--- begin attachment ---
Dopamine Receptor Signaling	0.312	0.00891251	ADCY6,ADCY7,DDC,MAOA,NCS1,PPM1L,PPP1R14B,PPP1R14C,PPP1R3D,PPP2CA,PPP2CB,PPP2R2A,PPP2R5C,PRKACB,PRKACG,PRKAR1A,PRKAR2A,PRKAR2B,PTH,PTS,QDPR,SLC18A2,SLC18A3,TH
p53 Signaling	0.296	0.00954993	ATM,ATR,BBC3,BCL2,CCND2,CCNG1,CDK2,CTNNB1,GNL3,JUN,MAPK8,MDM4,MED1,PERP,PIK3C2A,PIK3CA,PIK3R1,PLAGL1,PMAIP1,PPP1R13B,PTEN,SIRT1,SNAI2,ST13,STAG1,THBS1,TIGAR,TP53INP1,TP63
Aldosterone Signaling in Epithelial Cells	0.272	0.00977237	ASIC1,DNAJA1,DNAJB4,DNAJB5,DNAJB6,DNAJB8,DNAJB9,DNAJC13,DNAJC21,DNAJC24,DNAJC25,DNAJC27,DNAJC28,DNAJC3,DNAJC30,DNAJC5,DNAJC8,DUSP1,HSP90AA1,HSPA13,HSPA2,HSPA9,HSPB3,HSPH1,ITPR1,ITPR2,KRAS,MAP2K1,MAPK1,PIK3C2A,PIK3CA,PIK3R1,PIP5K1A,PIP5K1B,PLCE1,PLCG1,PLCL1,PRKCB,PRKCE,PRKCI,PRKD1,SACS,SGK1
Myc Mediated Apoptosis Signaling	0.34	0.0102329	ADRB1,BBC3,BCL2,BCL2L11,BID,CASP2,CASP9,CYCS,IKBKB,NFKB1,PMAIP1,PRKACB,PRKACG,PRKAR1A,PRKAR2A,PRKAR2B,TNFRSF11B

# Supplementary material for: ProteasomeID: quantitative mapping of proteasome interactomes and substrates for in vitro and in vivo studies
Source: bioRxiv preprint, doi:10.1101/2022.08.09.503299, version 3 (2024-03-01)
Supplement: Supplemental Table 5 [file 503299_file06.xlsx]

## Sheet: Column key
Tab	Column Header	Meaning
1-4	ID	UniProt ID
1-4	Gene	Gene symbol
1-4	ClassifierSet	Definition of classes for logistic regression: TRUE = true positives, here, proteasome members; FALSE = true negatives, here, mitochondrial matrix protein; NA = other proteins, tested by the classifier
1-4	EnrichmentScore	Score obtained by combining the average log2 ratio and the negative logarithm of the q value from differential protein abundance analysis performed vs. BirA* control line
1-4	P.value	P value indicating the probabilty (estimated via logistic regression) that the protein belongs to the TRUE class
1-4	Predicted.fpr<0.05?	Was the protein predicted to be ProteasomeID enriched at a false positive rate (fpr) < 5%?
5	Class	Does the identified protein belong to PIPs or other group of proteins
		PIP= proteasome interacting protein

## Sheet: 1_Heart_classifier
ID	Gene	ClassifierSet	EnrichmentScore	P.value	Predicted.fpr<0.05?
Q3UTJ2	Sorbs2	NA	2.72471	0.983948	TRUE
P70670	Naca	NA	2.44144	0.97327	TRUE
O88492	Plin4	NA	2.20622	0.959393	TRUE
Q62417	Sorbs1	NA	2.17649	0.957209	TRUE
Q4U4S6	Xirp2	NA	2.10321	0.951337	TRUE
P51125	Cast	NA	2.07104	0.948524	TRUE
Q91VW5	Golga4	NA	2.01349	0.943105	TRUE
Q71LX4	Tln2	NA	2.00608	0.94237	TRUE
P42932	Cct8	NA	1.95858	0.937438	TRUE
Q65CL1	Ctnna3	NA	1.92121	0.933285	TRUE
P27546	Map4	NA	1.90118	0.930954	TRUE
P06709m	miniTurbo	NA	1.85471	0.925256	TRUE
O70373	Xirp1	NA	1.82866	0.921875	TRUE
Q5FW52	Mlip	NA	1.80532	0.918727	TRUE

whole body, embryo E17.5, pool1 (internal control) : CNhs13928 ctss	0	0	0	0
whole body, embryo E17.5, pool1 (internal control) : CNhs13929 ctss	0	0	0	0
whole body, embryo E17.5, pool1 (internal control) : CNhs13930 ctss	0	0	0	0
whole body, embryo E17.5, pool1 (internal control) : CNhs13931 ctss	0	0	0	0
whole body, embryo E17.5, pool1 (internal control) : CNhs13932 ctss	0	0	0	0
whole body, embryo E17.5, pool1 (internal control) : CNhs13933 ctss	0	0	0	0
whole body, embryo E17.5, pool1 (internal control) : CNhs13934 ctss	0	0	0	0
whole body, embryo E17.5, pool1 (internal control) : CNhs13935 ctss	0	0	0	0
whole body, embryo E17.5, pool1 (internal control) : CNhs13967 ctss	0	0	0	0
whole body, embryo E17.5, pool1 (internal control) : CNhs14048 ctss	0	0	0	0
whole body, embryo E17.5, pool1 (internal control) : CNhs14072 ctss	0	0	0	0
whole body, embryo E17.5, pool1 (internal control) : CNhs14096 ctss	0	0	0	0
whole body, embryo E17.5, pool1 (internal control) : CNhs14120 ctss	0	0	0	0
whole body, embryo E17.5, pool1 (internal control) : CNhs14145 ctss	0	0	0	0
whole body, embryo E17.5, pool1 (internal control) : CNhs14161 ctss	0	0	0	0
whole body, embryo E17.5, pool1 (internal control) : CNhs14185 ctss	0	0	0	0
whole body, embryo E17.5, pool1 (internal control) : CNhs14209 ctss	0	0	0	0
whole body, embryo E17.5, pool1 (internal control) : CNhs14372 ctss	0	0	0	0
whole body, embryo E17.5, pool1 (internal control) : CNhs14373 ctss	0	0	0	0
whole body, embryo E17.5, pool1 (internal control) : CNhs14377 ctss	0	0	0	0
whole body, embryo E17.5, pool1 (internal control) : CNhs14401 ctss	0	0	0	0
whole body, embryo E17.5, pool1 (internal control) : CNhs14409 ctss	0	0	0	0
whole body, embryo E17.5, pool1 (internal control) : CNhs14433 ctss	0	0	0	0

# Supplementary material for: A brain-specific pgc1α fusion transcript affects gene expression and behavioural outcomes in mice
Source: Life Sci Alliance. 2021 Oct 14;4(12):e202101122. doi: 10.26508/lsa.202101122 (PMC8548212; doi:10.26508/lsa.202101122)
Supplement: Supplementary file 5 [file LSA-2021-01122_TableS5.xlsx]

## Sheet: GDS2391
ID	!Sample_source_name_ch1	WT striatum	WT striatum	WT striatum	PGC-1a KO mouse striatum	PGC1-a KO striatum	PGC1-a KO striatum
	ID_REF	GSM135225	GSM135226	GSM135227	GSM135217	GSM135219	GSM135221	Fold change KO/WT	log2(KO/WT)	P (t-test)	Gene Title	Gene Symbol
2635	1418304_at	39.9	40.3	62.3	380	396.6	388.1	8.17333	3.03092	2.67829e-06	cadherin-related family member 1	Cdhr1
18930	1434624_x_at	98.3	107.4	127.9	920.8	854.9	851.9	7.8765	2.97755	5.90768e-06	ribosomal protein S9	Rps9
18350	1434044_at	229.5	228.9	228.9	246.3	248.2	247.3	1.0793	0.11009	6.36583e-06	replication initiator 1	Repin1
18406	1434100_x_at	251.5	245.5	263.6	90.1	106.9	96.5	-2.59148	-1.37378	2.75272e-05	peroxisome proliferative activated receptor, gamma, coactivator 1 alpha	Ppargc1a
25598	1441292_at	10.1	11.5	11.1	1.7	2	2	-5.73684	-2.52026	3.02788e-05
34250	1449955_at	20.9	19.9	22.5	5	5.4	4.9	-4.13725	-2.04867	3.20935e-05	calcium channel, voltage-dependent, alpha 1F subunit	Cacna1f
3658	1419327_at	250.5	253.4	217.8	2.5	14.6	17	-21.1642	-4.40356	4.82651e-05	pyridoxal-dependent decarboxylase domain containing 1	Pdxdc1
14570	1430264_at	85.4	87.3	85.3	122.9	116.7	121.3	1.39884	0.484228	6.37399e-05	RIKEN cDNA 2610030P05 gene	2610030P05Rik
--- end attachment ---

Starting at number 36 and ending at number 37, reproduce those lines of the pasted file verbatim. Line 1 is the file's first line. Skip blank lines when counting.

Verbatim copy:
whole body, embryo E17.5, pool1 (internal control) : CNhs13930 ctss	0	0	0	0
whole body, embryo E17.5, pool1 (internal control) : CNhs13931 ctss	0	0	0	0